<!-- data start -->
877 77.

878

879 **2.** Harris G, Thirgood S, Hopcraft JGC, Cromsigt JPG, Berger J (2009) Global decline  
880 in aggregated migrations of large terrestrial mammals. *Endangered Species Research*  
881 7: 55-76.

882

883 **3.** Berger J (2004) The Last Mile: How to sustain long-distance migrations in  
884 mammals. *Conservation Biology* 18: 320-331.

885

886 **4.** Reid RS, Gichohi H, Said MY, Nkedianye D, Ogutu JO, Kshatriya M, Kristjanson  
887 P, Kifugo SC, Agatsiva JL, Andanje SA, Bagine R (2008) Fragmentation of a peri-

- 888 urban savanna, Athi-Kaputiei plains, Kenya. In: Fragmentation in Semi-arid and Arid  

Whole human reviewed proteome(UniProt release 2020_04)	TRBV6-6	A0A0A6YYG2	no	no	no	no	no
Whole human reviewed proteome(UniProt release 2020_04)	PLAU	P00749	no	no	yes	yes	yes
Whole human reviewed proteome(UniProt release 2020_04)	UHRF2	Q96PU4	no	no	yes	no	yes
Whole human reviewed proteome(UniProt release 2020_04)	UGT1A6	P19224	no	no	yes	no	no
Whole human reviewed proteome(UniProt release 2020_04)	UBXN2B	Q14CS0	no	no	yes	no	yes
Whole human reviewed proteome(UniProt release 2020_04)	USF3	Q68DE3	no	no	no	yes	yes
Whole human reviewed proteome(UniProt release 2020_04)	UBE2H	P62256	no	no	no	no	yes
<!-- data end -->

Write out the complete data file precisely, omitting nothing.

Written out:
877 77.

878

879 **2.** Harris G, Thirgood S, Hopcraft JGC, Cromsigt JPG, Berger J (2009) Global decline  
880 in aggregated migrations of large terrestrial mammals. *Endangered Species Research*  
881 7: 55-76.

882

883 **3.** Berger J (2004) The Last Mile: How to sustain long-distance migrations in  
884 mammals. *Conservation Biology* 18: 320-331.

885

886 **4.** Reid RS, Gichohi H, Said MY, Nkedianye D, Ogutu JO, Kshatriya M, Kristjanson  
887 P, Kifugo SC, Agatsiva JL, Andanje SA, Bagine R (2008) Fragmentation of a peri-

- 888 urban savanna, Athi-Kaputiei plains, Kenya. In: Fragmentation in Semi-arid and Arid  

Whole human reviewed proteome(UniProt release 2020_04)	TRBV6-6	A0A0A6YYG2	no	no	no	no	no
Whole human reviewed proteome(UniProt release 2020_04)	PLAU	P00749	no	no	yes	yes	yes
Whole human reviewed proteome(UniProt release 2020_04)	UHRF2	Q96PU4	no	no	yes	no	yes
Whole human reviewed proteome(UniProt release 2020_04)	UGT1A6	P19224	no	no	yes	no	no
Whole human reviewed proteome(UniProt release 2020_04)	UBXN2B	Q14CS0	no	no	yes	no	yes
Whole human reviewed proteome(UniProt release 2020_04)	USF3	Q68DE3	no	no	no	yes	yes
Whole human reviewed proteome(UniProt release 2020_04)	UBE2H	P62256	no	no	no	no	yes